A variety of rehabilitative programs, including dance, helped Anouthinh Pangthong turn his life around despite a rocky youth and 21 years in prison since the age of 15.
“Life in prison can become tedious, doing the same thing over and over. Sparks of violence would break the monotony. When an opportunity came to do something different through dancing, I jumped at the chance. My life has since been anything but ordinary,” said Pangthong. “Dancing really saved my life.”
Pangthong, known to his friends as Choy, is the latest Kid CAT member to be found suitable for parole.
Like many youth offenders of Asian descent who have been incarcerated since the ‘90s, Choy was an immigrant born in a refugee camp in Thailand, when his single mother fled her home country of Laos during war.
When he and his mother arrived in the United States, Choy was only 7 months old. His mother remarried and gave birth to two younger brothers. She and Choy gained citizenship.
“According to a RAND analysis, every $1 invested in such [inmate] education generates at least $4 in economic return,” reports Fast Company.
“The state typically spends $71,000 a year to house an inmate. It costs about $5,000 total to help put one [incarcerated] student through community college”, reports Fast Company.
“I didn’t have much of a relationship with my father growing up,” said Choy. “He was an alcoholic and gambler.”
As a child, Choy often served as an interpreter for his mother. When he translated incorrectly, his mother would often verbally and physically punish him.
“My whole family has been waiting over 20 years to welcome him back home and now it’s finally here”
“She made me feel worthless, and it really affected how I felt and perceived myself, and I carried this throughout most of my adult life,” said Choy.
Because of the migratory nature of his stepfather’s work, Choy and his family moved around often into crime-ridden neighborhoods.
“Although I lived in a bad neighborhood, it embraced me by giving me the attention and affection that I didn’t have at home,” said Choy.
At 8 years old, Choy began serving as a lookout for neighborhood crack dealers and was paid a dollar each time he notified the dealer of an incoming cop car.
“I would take that dollar and go play video games at the liquor store,” said Choy. “By the age of 11, I started to sell crack cocaine and later joined a gang at 12.”
The only saving grace Choy remembered from his childhood was playing football.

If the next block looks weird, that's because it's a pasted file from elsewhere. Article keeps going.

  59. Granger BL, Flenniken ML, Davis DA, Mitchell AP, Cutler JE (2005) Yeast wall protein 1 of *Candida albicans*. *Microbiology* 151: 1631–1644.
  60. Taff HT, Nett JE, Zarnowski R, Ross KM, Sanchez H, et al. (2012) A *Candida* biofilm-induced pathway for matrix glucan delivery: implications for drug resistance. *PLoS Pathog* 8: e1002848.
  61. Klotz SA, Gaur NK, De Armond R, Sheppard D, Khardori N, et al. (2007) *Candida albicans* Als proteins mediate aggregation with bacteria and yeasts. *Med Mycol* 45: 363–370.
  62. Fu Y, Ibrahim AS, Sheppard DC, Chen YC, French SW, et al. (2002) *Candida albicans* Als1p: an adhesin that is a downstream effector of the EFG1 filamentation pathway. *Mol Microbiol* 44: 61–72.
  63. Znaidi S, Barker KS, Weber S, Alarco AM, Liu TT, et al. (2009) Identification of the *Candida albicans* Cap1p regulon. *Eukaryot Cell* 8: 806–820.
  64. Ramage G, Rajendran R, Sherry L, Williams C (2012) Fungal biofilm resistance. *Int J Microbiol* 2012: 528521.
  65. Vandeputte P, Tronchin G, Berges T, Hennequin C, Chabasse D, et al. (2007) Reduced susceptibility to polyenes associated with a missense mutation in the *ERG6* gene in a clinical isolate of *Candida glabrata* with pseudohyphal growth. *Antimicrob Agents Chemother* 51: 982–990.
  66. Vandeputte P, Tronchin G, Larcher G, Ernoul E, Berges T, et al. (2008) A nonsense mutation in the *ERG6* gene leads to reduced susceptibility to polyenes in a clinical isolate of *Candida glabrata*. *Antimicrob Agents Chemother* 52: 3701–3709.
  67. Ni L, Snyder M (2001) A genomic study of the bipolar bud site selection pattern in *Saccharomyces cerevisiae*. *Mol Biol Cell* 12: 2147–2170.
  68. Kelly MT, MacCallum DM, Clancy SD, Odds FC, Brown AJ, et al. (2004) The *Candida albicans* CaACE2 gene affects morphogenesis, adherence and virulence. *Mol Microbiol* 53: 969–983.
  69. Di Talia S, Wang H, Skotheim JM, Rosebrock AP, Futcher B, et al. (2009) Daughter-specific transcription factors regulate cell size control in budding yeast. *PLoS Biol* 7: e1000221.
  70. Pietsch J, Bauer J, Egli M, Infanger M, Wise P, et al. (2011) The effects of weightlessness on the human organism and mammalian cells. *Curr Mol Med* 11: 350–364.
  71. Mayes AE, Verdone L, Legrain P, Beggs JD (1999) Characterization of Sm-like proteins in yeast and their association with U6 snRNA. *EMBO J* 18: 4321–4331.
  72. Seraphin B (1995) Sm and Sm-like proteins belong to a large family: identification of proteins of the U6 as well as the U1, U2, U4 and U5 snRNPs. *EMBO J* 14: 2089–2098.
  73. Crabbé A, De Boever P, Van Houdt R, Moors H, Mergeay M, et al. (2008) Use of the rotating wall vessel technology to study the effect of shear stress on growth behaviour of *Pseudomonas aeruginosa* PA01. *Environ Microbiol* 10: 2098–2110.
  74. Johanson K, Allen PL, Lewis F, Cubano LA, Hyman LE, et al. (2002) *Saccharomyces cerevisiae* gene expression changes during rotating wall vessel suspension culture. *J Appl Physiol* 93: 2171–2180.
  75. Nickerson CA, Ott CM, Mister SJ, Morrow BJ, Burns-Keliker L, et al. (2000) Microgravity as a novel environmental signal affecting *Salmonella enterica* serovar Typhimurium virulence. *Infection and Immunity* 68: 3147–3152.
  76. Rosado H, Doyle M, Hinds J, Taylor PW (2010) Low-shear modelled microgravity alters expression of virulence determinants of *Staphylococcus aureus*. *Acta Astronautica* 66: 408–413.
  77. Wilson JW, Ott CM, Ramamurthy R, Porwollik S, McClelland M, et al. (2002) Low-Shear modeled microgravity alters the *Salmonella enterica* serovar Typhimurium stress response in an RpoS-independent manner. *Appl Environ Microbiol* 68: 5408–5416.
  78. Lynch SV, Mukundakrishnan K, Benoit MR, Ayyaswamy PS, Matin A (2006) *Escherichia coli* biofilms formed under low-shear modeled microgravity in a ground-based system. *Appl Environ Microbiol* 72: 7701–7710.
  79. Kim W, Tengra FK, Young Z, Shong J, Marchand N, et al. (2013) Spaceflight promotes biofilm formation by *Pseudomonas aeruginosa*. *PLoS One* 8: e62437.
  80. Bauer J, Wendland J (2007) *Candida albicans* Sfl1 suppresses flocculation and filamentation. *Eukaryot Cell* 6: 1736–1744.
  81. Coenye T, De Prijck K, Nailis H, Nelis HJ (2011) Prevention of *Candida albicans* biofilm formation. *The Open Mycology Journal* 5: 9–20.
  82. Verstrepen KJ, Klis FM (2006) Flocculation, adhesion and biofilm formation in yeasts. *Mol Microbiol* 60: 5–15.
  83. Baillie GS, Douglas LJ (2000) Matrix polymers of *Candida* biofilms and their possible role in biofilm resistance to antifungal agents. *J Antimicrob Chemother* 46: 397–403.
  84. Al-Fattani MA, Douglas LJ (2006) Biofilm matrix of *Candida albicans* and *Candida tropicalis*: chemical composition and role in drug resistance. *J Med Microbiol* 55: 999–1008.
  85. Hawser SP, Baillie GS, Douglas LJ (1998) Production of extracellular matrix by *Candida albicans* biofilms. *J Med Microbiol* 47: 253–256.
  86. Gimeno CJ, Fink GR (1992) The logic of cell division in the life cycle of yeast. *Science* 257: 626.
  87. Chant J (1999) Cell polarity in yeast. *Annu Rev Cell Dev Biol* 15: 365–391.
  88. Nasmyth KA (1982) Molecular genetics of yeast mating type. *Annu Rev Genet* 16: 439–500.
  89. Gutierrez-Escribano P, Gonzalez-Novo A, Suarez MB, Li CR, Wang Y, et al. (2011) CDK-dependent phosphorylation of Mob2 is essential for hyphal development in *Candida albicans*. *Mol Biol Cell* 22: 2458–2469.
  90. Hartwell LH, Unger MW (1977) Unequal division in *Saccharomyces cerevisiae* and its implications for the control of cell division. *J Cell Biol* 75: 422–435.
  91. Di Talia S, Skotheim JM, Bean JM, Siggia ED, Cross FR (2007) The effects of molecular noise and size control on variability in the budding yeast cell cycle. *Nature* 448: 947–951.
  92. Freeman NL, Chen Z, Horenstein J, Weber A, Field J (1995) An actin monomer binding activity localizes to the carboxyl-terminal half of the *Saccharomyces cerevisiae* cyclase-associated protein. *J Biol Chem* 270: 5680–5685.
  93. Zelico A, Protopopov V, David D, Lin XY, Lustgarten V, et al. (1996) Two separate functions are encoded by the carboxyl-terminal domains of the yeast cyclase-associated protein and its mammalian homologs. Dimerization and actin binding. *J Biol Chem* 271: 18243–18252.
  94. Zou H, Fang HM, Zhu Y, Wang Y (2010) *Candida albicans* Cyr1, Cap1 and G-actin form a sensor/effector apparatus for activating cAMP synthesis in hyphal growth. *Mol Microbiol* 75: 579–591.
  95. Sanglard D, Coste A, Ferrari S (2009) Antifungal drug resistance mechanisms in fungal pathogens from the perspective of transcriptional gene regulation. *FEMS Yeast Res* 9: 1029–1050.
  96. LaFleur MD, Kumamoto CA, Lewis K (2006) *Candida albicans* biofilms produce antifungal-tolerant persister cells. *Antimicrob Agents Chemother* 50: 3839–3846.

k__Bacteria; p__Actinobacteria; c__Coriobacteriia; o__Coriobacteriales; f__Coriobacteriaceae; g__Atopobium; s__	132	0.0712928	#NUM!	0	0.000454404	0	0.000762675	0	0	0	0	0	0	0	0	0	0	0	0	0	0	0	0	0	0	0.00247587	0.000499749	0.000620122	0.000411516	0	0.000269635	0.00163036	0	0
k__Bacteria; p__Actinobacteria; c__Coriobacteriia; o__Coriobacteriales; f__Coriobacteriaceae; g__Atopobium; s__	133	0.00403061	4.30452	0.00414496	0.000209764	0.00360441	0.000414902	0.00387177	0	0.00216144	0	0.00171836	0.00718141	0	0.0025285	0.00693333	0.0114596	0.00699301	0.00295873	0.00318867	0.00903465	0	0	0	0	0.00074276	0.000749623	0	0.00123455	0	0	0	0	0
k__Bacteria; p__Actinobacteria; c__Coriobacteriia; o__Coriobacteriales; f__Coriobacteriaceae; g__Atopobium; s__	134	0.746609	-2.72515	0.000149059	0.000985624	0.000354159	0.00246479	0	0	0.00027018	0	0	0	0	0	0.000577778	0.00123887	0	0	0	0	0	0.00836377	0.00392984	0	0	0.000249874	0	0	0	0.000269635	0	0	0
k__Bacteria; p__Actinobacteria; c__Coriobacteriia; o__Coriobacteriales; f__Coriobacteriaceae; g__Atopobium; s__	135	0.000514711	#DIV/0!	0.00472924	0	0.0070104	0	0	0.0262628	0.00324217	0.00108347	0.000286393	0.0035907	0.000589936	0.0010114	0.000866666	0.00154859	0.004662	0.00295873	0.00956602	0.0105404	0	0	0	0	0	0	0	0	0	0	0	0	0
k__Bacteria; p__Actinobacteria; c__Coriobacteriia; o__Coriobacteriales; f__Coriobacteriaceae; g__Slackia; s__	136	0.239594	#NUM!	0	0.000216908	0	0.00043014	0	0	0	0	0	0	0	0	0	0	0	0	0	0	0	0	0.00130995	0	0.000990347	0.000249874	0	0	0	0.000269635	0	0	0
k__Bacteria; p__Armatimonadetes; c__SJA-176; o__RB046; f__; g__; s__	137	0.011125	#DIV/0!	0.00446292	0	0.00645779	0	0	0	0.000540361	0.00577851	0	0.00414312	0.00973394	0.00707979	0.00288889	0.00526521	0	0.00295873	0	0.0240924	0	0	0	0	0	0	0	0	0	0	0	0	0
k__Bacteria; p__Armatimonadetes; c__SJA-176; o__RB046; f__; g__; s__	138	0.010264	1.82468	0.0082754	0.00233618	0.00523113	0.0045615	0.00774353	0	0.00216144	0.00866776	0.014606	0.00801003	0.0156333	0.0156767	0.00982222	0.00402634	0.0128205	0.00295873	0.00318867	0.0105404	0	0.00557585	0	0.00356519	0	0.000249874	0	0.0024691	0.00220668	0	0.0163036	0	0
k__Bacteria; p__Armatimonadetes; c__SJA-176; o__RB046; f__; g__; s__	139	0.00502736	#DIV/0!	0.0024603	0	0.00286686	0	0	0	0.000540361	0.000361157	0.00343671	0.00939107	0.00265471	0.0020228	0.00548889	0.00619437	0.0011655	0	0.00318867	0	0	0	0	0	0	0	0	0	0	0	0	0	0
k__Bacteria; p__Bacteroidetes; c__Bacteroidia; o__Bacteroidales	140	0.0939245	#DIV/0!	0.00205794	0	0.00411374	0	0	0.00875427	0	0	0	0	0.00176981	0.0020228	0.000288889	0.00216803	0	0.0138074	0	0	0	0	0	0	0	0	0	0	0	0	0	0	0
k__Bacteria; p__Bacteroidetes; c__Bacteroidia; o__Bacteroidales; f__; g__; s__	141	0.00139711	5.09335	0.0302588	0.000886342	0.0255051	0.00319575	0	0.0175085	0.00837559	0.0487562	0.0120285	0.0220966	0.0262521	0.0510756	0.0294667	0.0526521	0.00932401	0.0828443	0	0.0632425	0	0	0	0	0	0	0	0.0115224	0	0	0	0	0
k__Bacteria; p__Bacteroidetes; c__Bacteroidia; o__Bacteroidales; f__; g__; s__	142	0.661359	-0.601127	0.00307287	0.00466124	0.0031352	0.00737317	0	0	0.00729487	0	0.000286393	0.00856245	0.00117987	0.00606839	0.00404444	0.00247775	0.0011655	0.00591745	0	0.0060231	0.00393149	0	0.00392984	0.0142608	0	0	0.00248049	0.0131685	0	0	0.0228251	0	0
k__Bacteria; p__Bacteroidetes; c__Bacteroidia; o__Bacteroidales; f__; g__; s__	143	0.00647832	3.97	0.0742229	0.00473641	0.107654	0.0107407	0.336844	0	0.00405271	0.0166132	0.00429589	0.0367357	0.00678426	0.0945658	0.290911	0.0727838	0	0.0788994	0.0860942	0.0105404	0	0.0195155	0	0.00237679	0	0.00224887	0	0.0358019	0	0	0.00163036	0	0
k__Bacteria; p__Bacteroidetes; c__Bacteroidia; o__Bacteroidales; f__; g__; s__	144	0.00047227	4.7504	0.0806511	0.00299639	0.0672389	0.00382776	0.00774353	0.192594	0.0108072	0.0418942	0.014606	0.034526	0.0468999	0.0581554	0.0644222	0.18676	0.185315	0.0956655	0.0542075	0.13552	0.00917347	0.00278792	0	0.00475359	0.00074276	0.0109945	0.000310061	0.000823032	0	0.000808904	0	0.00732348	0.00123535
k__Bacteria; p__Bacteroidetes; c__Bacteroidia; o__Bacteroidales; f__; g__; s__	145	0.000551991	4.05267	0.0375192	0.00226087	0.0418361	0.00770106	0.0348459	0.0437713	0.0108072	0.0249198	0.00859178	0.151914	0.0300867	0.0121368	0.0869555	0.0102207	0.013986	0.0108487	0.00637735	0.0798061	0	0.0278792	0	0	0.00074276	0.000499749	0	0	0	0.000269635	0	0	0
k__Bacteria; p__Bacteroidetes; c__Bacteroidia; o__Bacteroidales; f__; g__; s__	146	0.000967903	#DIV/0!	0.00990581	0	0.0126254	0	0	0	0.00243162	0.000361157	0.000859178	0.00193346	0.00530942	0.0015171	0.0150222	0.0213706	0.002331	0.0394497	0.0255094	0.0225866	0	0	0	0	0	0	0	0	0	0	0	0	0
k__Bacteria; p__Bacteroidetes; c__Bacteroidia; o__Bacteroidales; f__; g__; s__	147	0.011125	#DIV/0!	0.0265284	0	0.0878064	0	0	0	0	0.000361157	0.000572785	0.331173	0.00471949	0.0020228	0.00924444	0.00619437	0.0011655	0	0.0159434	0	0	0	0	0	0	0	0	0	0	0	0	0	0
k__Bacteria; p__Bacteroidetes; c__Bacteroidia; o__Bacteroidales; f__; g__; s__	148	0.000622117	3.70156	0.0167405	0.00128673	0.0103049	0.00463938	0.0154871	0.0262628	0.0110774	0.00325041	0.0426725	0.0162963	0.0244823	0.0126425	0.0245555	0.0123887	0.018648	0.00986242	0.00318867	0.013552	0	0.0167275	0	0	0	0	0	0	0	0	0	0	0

“Playing sports was the best decision I ever made, football taught me about teamwork, responsibility and building camaraderie,” said Choy. “But when my family decided to move away from Willow when I turned 12, everything changed. I stopped playing sports and embraced the streets instead.”
Choy began to get into fights at schools and was ultimately expelled for bringing a knife.
Three weeks before turning 16, Choy made a horrendous decision that would end a life, and send him to prison.
“On the night of my crime, I led three younger friends to steal a car, and I ended up murdering the man I was trying to rob.”
After two weeks on the lam, the police arrested Choy. He later pled guilty to first-degree murder and was sentenced to 25 years-to-life.
“My mom blamed herself for what I had done. I felt I had to take accountability for my actions and show her that it wasn’t her fault but mine alone, so I pled guilty,” said Choy.
For most of his incarceration, Choy straddled the fence. While working to accumulate vocational skills, he sold methamphetamines, tobacco, and cellular phones.
As a result, Choy accumulated 11 disciplinary write-ups.
“In 2010, I was in solitary confinement for a cellphone possession, when I made a decision to change my life,” said Choy. “Still my change didn’t come easy, it took years.”
Intimate partner violence accounts for 15 percent of all violent crime. One in three women and one in four men in the United States has experienced some form of physical violence by an intimate partner. Husbands are five times more likely to kill wives than vice versa. A third of female homicide victims are killed by an intimate male partner or ex-partner, according to FBI reports. http://www.bjs.gov/content/pub/pdf/ndv0312.pdf
When Choy arrived at San Quentin in 2012, he renounced his criminal lifestyle and availed himself of many self-help groups and education. He also became a program facilitator for Criminals and Gangmembers Anonymous, Kid CAT’s First Step curriculum, ROOTS (Restoring Our Original True Selves), and mentoring youth through SQUIRES (San Quentin Utilizing Inmate Resources, Experiences and Studies). He especially relished his roles in Artistic Ensemble and Shakespeare plays.
“I really regretted taking so long to change,” said Choy. “It took writing out my crime in detail to understand the magnitude of what I’d done – especially the harm that I caused to my community of Stockton.”
In 2016, Choy spoke about his offense at an event with survivors of crime. In attendance was Michael Tubbs, mayor of Stockton, where he had committed his crime.
After the event, Tubbs told Choy, “We forgive you. Now come back and help us improve; you are part of the solution.”
On Aug. 8, during his first parole board hearing, Choy was found suitable for parole.
At a recent event at San Quentin, Choy’s brother, Tony Douangmalalay, remarked about Choy’s pending release. “I’m so proud of my older brother and the journey he has made to become who he is today. Now all he talks about is his goals of helping kids and doing outreach in our community.
“My whole family has been waiting over 20 years to welcome him back home and now it’s finally here.”